- 1 1219-1225: Yeh-lü Ch’u-ts’ai
- 2 1245-1247 & 1249-1251: Andrew of Longjumeau
- 3 1220-1221 AD: Chung tuan (Wu-ku-sun)
- 4 1221-1224 AD: K’iu Ch’ang Ch’un & Li Chi Ch’ang
- 5 1245-1248 AD: Ascelinus and Simon from San Quentin
- 6 1245-1247 AD: Giovanni da Pian del Carpine & Benedykt Polak
- 7 1253-1255 AD: Willem from Ruysbroeck
- 8 1254-1255 AD: Hayton I & Kirakos Gandsaketsi
- 9 1259-1260 AD: Ch’ang Te
- 10 1260-1295 AD: The Polos
- 11 1275-1279 & 1287-1288 AD: Markos and Rabban Bar Sauma
- 12 1279-1328 AD: Giovanni da Montecorvino
The 13th century is a period when Silk Road accounts from European travellers starts to become much more common than before. Still, they only make up a fraction of all the written accounts, as the vast majority of the surviving 13th century Silk Road texts was authoried by Asian merchants, diplomats and monks/pilgrims.
Below, you will find a few examples of people who travelled on the Silk Road during the 13th century and wrote detailed accounts about it.
1219-1225: Yeh-lü Ch’u-ts’ai
Yeh-lü Ch’u-ts’ai was a renowned Kithan statesman and poet who became one of Genghis Khan’s trusted advisors. From 1219, he travelled with Gehis Khan and the army through parts of Central Asia, visiting places such as Altai, the Ili valley, Talas, Samarkand, and Buhara. Eventually, they returned via Tienshan, Urumqi, Turfan, and Hami. Yeh-lü Ch’u-ts’ai wrote the book Xi Yue Lu (The Travel Record to the West) and also quite a lot of poetry, including some poems about the mesmerizing Silk Road city of Buhara in Uzbekistan.
1245-1247 & 1249-1251: Andrew of Longjumeau
The European Andrew of Longjumeau, a member of the Christian Dominican Order, was sent as a papal enovy to the Mongols in 1245. He travelled from the Holy Land to Trabriz, in today’s northern Iran.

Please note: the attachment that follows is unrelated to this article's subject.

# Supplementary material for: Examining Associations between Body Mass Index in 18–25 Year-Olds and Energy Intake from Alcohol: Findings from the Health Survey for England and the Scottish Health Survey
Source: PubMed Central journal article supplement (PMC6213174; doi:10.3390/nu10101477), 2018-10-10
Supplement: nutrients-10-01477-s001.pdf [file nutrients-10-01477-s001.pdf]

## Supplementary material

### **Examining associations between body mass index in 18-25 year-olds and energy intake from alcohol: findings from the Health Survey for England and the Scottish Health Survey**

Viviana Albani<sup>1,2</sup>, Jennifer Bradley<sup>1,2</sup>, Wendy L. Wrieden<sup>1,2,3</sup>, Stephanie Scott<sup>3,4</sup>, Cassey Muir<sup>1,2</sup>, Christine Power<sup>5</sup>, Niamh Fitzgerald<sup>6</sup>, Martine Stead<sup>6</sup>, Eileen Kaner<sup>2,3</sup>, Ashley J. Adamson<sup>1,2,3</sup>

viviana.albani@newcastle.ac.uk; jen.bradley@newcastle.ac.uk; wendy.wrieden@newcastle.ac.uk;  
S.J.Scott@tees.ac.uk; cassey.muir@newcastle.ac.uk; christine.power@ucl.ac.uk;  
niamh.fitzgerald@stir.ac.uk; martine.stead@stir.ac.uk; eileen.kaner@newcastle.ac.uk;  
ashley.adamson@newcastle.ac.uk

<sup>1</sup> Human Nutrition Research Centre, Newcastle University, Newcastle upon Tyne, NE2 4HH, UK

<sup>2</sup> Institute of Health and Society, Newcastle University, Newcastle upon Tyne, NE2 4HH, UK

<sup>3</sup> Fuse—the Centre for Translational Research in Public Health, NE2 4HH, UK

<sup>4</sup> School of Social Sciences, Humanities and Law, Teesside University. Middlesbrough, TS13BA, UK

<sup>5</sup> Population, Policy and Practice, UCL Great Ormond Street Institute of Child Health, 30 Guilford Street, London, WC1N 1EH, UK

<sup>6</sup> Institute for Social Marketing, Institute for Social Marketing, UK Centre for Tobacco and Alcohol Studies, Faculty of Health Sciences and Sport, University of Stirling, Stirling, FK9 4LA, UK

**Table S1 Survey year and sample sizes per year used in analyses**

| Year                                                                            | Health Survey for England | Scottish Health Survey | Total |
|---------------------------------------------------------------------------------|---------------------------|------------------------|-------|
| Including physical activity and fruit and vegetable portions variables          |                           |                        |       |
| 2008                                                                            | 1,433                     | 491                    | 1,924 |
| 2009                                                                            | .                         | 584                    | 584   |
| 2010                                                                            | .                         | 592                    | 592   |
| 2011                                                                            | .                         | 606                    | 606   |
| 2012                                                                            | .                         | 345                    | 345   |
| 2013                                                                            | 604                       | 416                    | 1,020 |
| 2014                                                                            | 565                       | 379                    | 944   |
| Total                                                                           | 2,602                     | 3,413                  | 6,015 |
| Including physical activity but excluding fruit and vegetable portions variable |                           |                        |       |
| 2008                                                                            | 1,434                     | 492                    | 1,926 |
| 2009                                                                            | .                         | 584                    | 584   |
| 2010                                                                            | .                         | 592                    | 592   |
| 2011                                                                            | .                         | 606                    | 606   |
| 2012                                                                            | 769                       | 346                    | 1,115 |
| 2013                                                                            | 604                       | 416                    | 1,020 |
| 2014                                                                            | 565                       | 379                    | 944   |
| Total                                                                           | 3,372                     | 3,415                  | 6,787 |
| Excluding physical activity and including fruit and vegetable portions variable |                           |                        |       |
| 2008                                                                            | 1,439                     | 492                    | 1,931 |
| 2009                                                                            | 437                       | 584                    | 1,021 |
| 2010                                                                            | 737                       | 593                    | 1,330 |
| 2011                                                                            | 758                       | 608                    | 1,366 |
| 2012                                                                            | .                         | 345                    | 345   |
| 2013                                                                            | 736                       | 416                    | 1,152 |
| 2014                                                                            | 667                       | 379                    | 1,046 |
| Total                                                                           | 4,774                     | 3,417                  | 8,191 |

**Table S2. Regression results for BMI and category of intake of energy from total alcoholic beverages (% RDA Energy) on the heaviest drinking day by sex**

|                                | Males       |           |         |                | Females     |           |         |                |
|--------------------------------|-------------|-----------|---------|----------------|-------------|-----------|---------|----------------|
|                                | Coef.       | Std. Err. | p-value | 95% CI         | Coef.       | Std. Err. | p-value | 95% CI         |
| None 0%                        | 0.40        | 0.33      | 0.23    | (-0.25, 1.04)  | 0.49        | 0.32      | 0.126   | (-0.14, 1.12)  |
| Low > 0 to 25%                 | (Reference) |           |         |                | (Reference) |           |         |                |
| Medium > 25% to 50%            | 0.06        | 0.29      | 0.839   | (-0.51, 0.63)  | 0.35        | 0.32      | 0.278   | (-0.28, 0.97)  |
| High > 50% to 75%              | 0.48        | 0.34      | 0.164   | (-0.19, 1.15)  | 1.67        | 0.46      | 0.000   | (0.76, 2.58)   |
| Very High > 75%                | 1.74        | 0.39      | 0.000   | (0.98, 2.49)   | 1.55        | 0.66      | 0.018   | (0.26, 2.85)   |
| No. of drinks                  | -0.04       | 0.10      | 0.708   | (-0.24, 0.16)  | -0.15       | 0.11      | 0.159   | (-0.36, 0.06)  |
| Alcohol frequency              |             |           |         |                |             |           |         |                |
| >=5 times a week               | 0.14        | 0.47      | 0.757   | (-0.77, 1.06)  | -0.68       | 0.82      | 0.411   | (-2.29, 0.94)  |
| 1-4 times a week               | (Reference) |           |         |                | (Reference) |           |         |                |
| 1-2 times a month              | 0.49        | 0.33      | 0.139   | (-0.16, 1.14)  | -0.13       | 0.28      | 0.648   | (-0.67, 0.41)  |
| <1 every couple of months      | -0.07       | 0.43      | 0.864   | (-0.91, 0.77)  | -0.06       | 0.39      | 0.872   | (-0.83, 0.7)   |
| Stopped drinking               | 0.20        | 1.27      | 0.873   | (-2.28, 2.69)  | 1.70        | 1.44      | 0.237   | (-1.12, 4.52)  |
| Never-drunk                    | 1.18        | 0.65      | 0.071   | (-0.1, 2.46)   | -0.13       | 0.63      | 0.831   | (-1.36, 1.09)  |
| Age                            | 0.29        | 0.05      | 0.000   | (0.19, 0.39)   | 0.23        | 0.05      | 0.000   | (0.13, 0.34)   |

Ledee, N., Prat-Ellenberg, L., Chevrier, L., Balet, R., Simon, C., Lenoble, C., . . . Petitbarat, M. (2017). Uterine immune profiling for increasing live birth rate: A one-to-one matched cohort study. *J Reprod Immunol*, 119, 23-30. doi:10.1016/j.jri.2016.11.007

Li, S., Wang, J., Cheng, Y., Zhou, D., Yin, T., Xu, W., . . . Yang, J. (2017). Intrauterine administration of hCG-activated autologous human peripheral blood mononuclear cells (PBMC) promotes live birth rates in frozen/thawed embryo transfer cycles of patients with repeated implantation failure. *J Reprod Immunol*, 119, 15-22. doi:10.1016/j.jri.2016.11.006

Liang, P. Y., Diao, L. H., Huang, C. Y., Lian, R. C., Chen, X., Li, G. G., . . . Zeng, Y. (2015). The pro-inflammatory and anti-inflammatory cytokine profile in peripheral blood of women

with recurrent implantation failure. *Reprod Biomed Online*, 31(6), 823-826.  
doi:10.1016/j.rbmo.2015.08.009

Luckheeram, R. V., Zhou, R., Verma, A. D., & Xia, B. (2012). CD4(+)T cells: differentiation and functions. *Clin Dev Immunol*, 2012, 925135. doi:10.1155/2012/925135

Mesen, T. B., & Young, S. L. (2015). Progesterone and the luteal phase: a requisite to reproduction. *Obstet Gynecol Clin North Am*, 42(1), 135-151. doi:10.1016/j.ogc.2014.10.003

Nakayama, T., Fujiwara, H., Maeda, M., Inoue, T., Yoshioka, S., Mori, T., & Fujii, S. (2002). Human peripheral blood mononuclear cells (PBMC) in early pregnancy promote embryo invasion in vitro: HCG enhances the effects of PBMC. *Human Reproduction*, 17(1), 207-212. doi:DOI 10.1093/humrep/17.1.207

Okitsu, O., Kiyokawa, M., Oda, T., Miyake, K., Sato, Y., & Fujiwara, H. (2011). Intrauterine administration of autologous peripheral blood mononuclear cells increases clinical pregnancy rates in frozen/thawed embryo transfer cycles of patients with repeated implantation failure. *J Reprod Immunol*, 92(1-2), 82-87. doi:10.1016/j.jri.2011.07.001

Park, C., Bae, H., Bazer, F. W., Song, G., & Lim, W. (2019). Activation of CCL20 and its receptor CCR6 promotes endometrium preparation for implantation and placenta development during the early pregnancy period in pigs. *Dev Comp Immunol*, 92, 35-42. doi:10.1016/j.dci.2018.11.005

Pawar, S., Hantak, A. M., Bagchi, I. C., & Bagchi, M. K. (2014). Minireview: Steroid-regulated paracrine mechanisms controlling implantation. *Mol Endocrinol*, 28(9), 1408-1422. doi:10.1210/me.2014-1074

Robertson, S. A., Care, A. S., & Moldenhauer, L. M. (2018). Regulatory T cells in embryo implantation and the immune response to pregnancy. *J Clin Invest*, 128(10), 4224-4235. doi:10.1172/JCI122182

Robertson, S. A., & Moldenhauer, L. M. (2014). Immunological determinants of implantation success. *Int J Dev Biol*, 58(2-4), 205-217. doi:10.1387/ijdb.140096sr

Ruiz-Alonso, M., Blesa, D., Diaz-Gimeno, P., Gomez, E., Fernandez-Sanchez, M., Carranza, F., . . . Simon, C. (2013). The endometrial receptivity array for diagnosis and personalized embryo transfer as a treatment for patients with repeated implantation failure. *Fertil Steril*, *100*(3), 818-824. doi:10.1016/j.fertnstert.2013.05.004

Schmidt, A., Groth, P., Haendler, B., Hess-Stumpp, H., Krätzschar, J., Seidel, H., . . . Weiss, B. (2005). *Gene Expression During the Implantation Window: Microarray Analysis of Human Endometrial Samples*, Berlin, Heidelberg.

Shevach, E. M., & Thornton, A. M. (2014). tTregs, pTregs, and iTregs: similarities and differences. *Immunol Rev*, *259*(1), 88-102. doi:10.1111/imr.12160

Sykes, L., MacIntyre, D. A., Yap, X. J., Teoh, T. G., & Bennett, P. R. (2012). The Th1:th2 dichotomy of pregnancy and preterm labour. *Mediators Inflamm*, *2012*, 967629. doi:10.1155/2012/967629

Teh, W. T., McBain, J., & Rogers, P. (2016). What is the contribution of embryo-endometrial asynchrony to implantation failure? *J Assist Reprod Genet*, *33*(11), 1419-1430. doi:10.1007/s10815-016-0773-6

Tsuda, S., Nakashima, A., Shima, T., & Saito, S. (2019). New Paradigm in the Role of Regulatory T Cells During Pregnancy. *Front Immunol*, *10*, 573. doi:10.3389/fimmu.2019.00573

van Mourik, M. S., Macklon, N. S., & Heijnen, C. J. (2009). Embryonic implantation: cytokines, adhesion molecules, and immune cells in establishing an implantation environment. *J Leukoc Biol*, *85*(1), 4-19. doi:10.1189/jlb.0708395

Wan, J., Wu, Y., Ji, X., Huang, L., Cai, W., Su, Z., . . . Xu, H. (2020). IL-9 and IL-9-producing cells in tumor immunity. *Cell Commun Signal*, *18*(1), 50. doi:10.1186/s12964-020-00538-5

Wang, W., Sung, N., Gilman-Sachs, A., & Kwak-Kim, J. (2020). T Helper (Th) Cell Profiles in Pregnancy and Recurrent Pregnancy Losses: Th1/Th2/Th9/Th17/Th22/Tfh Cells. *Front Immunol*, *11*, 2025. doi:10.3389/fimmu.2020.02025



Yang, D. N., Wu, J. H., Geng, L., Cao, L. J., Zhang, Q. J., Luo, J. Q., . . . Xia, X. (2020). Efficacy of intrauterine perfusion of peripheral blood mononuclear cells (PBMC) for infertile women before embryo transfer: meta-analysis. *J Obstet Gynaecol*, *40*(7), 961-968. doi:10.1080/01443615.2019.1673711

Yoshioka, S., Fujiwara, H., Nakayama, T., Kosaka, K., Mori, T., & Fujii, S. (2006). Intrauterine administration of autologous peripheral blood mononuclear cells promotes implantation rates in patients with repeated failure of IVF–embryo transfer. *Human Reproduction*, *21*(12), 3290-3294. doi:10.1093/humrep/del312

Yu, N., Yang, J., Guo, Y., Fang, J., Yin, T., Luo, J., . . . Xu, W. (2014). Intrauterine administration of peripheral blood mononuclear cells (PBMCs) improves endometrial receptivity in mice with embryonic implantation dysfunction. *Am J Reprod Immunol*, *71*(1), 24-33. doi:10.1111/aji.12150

On his second trip, which started in 1249, Andrew of Longjumeau went much farther. This time, he was accompanied by a larger group that included his own brother William. Exacty which route they took is unclear, but they did reach the Mongols living in inner Asia, ruled by Khan Güyüg’s widow Oghul Qaimish.
Information about Andrew of Longjumeau’s journeys has been preserved in Matthew Paris’s “Chronica Majora”.
1220-1221 AD: Chung tuan (Wu-ku-sun)
In 1220, the Jin Emperor sent his diplomat Chung tuan as an embassador to Ghengis Khan. Accompanied by a man named An T’ing chen, Chung tuan travelled to the Hindukush Mountains.
1221-1224 AD: K’iu Ch’ang Ch’un & Li Chi Ch’ang
In 1221, the renowned Taoist monk K’iu Ch’ang Ch’un was summoned to the court of Ghengis Khan. Born in 1148, Ch’un was an old man at this point, but he carried out the journey anyway, accompanied by Li Chi Ch’ang. The route went through the Altai Mountains and the Tienshan Mountains, through Kyrgyzstan and then to Samarkand. From Samarkand, they continued into north-eastern Iran and Afghanistan.
Li Chi Ch’ang kept a diary during the journey and his notes were published under the title “Hsi Yu Chi” in 1228, and included in the Tao tsang tsi yao.
1245-1248 AD: Ascelinus and Simon from San Quentin
Ascelinus and Simon from San Quentin, both members of the Dominican Order, were sent by the Pope as envoys to the Mongols in 1245.
On their way back, bringing Mongol envoys to the Pope, they travelled through places such as Tabriz, Mosul, Allepo, Antioch, and Acre.
Simon wrote an account of their experiences, but it is not available in English. Some information is included in Matthew Paris’s “Chronica Majora”.
1245-1247 AD: Giovanni da Pian del Carpine & Benedykt Polak
In 1245, these two Franciscan monks were sent by Pope Innocent IV as envoys to the Mongol Khan. They travelled through the lands of Golden Horse ruler Khan Batu to get to the Karakorum area, where they were present as Güyüg was proclaimed as the new Great Khan.
Giovanni wrote the book Historia Mongalorum (History of the Mongols).
1253-1255 AD: Willem from Ruysbroeck
This Franciscan missionary from Flanders accompanied King Louis IX of France on the Seventh Crusade in 1248. In 1253, the king ordered him to travell as a missionary to the Tatars with the goal of converting them to Christianity. Willem first headed for Constantinopel to confer with Baldwin of Hainaut, since he had recently visited Karakorum on behalf of the Latin Emperor.